Appalling incidents aside, immigration is largely a very positive force in our society. Since the referendum of 2004, people born here do not have a right to citizenship, unless, at the time of their birth, one of their parents was an Irish citizen or was entitled to be an Irish citizen.

It regulated both an inward flow and an upward tide of unrest that would have found political expression. In the teeth of the opposition of an entitled, but unanchored left critique, a rightward drift was successfully staved off.

Immigration and migration are different things. Trump, like some of his most vociferous critics, is wrong on both. Europe, including Ireland, needs immigration. We have an obligation to help on migration. Our Department of Education curriculum on race is a model of its kind. There is real grit on the ground from organisations like the GAA, who give leadership on race. It works to the extent it does because there is a sense of control and reassurance. Take that away and you are quickly at the politics of a Hungarian border town.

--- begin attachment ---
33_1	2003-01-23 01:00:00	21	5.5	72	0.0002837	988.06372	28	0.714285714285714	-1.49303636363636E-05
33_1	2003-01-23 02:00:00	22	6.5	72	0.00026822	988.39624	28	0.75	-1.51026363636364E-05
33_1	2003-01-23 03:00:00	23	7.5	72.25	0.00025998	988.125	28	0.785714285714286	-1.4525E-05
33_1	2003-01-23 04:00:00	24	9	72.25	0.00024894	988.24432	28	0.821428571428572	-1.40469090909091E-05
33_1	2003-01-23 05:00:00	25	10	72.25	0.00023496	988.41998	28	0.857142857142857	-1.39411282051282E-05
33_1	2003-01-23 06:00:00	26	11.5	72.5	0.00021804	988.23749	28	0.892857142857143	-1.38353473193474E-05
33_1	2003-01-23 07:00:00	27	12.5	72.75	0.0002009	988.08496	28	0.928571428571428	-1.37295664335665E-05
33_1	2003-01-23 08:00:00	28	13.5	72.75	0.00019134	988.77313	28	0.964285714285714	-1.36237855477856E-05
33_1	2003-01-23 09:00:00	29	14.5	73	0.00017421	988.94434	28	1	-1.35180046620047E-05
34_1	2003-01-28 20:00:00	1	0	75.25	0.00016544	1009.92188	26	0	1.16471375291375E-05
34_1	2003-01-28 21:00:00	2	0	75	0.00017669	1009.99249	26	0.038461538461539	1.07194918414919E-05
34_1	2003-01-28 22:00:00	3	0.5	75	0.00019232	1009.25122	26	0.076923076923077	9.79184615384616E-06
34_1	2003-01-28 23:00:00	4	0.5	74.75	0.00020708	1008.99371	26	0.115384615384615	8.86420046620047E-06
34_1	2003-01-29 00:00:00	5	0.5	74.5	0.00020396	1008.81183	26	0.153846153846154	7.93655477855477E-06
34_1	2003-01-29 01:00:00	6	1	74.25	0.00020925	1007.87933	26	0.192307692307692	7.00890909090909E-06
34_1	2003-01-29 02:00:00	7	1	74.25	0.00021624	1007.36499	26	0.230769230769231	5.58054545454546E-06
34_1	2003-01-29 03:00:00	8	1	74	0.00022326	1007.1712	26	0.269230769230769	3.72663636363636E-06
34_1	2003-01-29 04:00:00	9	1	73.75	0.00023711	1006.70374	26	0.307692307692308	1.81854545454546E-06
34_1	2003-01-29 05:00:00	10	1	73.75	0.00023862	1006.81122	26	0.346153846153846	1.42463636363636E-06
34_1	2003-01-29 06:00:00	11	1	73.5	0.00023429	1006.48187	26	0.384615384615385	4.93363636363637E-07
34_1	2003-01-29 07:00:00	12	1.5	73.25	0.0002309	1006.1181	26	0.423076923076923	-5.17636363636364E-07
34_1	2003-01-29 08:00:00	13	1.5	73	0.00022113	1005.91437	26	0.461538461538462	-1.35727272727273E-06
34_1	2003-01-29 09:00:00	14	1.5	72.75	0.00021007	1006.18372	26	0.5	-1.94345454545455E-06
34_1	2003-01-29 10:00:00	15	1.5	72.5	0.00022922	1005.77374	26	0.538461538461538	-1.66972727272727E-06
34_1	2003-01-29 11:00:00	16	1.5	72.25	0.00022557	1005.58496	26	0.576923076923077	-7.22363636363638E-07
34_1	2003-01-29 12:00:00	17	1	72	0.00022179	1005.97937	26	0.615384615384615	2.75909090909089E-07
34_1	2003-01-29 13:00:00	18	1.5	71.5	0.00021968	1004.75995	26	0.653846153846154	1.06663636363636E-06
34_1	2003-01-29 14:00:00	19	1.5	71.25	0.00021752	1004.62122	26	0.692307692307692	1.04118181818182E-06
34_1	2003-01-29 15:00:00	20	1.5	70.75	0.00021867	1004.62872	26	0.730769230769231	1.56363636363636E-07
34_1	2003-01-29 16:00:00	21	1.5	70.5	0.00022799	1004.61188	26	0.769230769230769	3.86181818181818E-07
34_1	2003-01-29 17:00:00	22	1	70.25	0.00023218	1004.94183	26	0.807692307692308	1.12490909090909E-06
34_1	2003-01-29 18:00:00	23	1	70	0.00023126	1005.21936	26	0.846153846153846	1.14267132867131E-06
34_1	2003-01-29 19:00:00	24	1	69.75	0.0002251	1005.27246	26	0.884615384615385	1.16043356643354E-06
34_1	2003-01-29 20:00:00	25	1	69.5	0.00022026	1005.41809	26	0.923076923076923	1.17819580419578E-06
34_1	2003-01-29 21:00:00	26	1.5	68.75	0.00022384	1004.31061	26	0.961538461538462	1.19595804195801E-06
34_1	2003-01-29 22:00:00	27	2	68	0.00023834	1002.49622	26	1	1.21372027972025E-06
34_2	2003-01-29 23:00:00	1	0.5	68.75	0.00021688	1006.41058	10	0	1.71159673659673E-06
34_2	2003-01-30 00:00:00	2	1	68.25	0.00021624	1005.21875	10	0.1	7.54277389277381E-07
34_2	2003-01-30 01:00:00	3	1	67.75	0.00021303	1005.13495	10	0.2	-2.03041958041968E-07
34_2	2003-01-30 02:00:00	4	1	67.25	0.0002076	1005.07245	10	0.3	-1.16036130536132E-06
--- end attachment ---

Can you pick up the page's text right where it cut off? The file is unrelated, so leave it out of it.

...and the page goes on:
Trump and Brexit have flourished in fear. Politics that speaks for its community, not at it, and which treats its people with respect, is required.

Some people like to see their fascism served up rough. Archetypes excuse the need for analysis. Democracy that works is not a desktop operation. Values and words are different things. Saying the words does not make them true. Ask Trump.